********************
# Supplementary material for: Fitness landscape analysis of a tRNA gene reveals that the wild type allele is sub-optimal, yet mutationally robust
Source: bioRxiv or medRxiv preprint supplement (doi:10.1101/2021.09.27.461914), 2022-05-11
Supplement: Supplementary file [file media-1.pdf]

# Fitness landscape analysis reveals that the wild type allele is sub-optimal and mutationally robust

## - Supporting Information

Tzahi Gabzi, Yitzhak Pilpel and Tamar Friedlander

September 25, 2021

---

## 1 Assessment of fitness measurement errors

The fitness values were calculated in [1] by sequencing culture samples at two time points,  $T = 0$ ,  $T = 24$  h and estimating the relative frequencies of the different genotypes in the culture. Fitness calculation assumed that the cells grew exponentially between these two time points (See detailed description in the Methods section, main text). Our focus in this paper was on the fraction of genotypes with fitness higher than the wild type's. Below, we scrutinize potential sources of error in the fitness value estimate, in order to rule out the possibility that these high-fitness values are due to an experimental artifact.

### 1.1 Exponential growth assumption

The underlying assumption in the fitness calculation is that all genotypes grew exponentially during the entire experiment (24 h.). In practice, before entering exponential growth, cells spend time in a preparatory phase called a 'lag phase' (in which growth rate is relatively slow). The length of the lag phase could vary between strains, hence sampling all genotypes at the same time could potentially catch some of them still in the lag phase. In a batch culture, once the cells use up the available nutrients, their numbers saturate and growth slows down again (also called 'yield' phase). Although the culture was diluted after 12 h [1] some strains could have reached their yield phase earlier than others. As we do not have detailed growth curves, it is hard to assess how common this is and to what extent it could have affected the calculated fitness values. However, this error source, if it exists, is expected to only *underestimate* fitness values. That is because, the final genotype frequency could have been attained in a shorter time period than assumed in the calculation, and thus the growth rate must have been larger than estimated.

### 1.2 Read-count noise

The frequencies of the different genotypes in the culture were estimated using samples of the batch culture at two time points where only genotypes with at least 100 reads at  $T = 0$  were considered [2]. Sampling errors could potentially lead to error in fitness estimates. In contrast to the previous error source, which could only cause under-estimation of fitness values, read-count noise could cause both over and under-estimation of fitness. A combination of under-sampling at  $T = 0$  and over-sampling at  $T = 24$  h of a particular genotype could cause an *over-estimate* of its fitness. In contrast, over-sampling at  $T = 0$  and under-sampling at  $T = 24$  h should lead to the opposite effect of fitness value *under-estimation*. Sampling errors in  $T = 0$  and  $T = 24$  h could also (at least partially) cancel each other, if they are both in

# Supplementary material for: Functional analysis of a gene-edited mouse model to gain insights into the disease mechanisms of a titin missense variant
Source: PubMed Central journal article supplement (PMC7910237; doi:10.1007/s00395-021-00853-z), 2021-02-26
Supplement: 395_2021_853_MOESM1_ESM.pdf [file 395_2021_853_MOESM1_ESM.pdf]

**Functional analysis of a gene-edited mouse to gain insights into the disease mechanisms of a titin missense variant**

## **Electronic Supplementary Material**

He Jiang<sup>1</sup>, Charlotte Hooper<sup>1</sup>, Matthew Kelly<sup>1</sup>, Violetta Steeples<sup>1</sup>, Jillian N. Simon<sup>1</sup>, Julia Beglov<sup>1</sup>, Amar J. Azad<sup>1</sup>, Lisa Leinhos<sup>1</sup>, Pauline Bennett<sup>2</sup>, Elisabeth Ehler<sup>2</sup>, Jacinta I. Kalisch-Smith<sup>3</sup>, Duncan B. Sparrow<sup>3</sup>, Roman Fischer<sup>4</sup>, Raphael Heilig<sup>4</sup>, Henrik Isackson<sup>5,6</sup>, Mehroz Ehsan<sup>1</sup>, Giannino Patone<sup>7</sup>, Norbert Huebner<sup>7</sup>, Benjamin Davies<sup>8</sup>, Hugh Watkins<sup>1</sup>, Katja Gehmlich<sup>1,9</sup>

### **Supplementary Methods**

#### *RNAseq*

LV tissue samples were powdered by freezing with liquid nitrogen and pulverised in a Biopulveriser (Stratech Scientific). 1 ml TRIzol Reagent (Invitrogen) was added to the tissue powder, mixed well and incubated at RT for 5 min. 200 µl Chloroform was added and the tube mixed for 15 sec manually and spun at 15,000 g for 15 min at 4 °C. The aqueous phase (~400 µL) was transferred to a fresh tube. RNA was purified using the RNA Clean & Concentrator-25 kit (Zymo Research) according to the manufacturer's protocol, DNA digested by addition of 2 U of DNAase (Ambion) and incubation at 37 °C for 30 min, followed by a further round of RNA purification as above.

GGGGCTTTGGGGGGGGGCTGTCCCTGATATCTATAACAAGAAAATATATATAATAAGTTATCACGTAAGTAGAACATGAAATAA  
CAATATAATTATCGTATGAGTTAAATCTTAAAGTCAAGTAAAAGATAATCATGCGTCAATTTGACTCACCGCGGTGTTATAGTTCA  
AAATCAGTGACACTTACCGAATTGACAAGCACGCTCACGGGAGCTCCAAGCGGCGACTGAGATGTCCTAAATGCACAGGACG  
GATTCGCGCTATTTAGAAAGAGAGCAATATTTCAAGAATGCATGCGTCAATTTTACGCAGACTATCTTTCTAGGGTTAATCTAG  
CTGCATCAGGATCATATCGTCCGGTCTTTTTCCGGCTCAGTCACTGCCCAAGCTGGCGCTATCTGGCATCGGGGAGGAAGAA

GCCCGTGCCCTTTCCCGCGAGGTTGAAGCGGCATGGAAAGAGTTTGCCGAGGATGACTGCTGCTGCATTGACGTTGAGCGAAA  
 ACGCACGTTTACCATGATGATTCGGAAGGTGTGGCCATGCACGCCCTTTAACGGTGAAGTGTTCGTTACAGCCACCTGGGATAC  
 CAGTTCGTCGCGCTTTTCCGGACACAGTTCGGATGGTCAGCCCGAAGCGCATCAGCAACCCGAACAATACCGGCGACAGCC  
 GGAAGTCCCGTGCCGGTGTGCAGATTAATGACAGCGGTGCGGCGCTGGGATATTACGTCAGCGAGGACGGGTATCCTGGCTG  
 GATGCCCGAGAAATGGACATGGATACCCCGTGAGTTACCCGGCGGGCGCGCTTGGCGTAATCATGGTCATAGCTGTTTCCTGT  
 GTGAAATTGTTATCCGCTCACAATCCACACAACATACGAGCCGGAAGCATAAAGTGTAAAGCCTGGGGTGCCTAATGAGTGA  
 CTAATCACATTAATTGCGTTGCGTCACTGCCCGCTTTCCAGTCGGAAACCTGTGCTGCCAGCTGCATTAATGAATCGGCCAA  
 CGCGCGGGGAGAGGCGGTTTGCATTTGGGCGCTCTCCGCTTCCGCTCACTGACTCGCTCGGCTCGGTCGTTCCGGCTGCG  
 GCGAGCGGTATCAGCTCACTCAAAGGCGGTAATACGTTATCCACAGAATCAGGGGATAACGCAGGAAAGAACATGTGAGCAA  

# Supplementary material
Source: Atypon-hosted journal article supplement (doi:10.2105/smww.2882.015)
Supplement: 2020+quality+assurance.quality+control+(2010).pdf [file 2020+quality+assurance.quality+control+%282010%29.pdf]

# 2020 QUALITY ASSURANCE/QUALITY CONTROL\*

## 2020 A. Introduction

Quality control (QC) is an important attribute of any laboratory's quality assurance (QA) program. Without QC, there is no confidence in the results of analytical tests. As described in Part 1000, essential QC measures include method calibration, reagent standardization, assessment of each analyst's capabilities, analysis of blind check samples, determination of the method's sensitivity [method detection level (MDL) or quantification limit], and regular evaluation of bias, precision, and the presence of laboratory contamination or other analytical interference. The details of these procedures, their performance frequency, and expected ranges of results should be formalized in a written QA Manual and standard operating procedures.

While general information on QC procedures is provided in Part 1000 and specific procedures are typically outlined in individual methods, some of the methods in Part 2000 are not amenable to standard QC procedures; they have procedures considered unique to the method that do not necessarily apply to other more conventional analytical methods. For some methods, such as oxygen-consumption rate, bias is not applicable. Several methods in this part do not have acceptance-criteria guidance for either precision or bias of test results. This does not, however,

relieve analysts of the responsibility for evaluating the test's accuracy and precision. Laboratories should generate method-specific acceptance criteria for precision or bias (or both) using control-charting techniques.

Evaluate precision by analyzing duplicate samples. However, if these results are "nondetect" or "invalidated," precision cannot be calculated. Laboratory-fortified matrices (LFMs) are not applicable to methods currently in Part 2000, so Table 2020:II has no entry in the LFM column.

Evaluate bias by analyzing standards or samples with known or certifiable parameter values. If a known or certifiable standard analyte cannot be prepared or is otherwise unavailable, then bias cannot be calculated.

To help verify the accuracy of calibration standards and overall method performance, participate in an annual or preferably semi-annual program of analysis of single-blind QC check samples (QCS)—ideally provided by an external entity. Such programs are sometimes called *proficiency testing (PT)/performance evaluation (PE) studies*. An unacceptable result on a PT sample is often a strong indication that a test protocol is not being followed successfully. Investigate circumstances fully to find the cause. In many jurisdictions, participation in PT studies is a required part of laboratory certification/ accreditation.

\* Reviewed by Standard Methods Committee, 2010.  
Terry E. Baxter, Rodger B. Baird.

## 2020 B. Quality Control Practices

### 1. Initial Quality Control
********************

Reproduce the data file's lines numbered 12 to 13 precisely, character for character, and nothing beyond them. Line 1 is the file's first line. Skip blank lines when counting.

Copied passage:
The underlying assumption in the fitness calculation is that all genotypes grew exponentially during the entire experiment (24 h.). In practice, before entering exponential growth, cells spend time in a preparatory phase called a 'lag phase' (in which growth rate is relatively slow). The length of the lag phase could vary between strains, hence sampling all genotypes at the same time could potentially catch some of them still in the lag phase. In a batch culture, once the cells use up the available nutrients, their numbers saturate and growth slows down again (also called 'yield' phase). Although the culture was diluted after 12 h [1] some strains could have reached their yield phase earlier than others. As we do not have detailed growth curves, it is hard to assess how common this is and to what extent it could have affected the calculated fitness values. However, this error source, if it exists, is expected to only *underestimate* fitness values. That is because, the final genotype frequency could have been attained in a shorter time period than assumed in the calculation, and thus the growth rate must have been larger than estimated.

### 1.2 Read-count noise